Why did Michael Barclay write The Never-Ending Present: The Story of Gord Downie and the Tragically Hip? “We were witnessing this historic event in rock ‘n’ roll, not just Canadian culture”, he explains, “There was a larger question of ‘Why do we care about this band so much?’ and ‘What is it about this band that their story is deeply affecting us all?’”
In The Never-Ending Present, Michael talks to dozens of the band’s peers and friends about the significance of the Hip’s music, their impact on Canadian culture, the Kingston connection, and Gord Downie’s role in reconciliation with Indigenous people. Author Sean Michaels calls the Globe and Mail bestselling book a “remarkable chronicle of the Tragically Hip…eminently readable, clever and funny.”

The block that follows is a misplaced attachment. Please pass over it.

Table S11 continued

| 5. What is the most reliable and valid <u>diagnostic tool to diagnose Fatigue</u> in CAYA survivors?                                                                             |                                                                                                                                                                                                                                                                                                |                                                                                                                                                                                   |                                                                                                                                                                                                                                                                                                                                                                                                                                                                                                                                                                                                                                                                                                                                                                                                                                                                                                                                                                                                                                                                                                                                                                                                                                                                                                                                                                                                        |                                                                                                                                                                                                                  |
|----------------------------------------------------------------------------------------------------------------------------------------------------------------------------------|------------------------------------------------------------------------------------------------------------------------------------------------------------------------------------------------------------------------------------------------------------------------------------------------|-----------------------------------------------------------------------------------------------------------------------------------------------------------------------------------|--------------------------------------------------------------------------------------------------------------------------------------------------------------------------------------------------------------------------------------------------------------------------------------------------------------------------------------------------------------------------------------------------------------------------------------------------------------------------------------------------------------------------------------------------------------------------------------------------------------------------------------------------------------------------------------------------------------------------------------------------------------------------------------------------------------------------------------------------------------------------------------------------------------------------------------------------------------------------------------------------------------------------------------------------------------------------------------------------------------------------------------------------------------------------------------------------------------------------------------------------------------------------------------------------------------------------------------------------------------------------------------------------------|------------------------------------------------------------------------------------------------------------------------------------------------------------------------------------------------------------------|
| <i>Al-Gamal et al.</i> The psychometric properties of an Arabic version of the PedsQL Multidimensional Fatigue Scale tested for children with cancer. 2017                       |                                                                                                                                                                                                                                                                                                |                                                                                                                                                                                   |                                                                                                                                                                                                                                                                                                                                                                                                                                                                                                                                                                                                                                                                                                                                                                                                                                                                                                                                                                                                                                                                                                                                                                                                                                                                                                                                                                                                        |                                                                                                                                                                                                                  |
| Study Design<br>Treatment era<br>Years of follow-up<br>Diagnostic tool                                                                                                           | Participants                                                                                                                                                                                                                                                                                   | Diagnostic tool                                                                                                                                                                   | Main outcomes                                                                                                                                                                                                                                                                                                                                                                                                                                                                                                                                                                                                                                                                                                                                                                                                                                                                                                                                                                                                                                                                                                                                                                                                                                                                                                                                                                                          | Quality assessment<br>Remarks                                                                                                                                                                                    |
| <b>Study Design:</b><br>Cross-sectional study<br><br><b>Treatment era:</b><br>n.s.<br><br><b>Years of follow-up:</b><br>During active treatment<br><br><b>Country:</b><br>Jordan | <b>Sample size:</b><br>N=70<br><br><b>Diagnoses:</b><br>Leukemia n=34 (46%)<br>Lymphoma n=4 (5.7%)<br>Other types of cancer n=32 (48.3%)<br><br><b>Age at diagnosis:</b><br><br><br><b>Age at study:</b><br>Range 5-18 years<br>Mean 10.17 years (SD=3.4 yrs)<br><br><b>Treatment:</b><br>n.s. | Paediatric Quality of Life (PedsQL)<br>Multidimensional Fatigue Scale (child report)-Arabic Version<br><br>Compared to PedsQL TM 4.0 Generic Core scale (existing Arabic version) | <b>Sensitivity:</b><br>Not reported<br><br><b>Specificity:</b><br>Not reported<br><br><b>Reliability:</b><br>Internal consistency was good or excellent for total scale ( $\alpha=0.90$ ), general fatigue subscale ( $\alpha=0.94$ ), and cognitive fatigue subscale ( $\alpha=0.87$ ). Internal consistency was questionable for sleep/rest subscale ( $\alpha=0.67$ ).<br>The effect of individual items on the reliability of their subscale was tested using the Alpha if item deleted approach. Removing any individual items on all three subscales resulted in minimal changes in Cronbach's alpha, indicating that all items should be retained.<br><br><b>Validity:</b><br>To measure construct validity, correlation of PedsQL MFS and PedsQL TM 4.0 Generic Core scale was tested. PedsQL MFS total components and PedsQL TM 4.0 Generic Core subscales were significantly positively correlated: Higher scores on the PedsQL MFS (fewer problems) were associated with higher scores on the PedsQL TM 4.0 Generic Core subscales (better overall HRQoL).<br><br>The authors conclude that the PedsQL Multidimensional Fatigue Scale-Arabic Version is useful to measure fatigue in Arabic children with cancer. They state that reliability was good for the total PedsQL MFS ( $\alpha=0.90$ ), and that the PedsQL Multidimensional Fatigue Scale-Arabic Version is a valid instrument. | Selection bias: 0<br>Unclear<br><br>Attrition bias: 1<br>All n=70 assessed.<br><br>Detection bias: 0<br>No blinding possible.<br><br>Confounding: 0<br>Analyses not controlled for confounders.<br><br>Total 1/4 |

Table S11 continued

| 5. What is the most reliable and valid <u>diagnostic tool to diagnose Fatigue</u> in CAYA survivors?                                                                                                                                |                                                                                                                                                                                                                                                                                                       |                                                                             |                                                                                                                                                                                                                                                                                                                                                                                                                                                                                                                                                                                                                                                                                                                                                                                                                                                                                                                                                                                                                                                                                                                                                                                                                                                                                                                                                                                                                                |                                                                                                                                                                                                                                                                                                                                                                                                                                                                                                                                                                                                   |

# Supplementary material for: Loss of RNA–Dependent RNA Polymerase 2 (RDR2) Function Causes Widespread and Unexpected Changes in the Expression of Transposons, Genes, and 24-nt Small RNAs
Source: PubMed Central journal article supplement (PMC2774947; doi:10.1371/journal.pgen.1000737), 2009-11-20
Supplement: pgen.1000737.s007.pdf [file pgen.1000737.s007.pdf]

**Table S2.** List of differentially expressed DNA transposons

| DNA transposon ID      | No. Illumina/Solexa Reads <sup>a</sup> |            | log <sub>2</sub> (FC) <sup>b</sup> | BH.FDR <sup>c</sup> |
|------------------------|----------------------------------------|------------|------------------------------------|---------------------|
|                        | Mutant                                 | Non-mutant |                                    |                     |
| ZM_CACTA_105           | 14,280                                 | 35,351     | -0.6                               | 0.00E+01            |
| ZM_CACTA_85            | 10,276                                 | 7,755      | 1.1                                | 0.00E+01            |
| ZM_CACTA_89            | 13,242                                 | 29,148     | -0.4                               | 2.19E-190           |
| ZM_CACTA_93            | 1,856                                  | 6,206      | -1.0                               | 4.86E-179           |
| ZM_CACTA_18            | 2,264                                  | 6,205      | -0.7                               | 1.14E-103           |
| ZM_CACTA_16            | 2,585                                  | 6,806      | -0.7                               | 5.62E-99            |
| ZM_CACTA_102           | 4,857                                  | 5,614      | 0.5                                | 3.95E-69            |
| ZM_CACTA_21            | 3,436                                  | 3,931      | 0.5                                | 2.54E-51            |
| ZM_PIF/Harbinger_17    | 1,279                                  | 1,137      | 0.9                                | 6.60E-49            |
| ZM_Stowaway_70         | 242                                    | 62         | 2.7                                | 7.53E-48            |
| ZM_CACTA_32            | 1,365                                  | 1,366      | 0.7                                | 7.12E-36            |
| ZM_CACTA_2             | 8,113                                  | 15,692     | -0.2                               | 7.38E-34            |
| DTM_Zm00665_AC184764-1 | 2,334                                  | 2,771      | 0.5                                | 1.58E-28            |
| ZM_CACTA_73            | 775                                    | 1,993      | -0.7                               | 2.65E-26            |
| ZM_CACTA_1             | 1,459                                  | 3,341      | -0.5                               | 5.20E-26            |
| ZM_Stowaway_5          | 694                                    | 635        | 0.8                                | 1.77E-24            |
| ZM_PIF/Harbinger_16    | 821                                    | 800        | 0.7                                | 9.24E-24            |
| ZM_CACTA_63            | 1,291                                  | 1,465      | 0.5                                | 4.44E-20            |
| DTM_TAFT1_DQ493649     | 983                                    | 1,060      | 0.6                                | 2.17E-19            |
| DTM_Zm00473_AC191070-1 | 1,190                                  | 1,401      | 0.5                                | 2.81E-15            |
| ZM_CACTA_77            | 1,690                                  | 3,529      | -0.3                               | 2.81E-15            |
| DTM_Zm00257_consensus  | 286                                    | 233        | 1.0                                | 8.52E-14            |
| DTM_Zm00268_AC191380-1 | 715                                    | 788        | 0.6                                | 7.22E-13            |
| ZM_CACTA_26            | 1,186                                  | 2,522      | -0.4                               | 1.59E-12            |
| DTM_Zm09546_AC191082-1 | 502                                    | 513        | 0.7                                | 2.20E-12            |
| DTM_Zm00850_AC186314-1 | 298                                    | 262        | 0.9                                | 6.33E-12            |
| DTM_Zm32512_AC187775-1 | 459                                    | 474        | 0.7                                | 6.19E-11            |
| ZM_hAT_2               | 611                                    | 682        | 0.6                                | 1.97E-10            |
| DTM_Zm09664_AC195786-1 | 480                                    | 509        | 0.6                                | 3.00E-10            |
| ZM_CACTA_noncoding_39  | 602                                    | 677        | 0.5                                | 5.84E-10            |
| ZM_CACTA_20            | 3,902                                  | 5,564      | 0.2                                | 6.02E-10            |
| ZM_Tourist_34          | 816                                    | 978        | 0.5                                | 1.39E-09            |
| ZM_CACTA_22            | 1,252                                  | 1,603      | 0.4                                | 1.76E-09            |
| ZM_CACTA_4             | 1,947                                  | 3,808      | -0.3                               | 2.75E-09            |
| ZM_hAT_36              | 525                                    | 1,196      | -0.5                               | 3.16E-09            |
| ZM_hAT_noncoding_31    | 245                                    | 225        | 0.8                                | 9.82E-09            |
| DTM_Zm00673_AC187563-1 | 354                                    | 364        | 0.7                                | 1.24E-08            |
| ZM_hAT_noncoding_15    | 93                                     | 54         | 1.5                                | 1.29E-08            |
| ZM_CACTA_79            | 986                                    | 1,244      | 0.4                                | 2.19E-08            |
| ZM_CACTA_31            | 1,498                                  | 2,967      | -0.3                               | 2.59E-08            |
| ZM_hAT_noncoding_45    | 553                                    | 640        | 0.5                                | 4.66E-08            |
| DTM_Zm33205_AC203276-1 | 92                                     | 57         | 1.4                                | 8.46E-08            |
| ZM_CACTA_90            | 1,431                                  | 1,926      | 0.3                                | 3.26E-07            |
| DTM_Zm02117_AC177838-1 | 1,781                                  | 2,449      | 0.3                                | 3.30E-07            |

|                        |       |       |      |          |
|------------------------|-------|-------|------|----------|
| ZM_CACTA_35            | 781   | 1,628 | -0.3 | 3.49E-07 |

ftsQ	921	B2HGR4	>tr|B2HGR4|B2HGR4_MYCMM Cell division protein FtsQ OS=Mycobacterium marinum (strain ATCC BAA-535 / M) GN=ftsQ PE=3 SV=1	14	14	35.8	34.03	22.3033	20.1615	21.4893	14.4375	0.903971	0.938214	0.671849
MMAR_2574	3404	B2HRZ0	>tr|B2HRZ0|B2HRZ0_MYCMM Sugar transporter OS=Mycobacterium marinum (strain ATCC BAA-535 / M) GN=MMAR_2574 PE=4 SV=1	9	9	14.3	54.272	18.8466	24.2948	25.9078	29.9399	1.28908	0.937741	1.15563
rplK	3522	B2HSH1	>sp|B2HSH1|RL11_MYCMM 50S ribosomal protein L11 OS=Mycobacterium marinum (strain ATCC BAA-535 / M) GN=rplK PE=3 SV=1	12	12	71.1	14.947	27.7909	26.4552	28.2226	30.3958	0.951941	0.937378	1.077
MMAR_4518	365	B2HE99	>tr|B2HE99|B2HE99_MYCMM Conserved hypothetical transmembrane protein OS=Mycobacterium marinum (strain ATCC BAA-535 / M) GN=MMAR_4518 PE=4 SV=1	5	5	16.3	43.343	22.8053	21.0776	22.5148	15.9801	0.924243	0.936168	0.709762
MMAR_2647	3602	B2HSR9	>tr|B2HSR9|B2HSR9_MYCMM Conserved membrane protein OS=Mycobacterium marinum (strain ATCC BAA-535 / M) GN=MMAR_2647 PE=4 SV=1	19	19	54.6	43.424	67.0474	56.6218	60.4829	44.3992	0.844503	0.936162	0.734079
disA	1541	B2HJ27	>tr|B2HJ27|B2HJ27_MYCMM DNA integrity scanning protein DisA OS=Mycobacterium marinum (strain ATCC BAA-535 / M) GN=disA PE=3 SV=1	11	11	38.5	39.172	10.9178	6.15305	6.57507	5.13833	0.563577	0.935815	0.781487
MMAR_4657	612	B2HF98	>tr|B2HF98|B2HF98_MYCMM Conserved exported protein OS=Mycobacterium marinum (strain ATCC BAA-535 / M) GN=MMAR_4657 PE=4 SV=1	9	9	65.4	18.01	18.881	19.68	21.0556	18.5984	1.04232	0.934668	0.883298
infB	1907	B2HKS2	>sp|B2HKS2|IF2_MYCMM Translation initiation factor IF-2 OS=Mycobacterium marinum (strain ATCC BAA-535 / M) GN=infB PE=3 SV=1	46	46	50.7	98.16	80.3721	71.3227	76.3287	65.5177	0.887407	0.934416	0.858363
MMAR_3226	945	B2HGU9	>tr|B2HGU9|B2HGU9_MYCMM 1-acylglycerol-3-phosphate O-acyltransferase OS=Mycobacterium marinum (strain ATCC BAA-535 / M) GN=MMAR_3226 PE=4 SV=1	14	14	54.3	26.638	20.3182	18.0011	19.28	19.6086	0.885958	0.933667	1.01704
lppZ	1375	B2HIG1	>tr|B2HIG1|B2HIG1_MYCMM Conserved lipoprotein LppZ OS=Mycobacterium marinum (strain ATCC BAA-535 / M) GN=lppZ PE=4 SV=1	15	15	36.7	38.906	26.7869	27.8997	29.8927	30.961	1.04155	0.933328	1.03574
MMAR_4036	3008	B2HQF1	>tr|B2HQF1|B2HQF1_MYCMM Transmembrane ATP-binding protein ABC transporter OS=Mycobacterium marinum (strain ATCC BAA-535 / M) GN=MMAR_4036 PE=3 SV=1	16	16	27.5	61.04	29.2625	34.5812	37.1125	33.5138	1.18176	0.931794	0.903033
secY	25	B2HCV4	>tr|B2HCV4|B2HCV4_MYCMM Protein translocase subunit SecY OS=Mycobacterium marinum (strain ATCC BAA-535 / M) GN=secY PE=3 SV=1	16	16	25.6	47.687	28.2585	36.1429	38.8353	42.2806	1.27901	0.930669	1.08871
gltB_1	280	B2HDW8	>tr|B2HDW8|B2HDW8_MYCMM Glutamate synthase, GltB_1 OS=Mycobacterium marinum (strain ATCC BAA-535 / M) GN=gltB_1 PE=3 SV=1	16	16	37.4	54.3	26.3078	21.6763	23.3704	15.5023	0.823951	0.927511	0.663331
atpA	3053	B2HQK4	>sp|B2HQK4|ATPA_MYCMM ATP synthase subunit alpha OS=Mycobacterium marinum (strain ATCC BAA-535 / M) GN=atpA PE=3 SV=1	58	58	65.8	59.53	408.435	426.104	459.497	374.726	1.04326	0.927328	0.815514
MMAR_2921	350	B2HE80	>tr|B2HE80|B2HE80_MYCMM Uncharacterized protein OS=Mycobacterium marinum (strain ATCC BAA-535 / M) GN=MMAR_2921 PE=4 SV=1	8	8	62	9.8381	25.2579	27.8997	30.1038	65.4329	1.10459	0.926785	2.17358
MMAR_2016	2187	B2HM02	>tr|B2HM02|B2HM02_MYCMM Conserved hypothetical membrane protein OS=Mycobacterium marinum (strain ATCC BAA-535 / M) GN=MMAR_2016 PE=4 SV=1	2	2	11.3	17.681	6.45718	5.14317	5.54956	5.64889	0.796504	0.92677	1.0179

Michael is a freelance music writer, and copy editor at Maclean’s, and has contributed to CBC’s Brave New Waves, and Exclaim! magazine. He co-authored the book Have Not Been the Same: The CanRock Renaissance 1985–1995, about iconic Canadian artists including the Tragically Hip, Blue Rodeo, k.d. lang, and more, and runs the blog Radio Free Canuckistan, He’s been nominated for a National Magazine Award, and is a juror for the Polaris Prize.
Michael lives in Toronto.
Appearing in: The Hip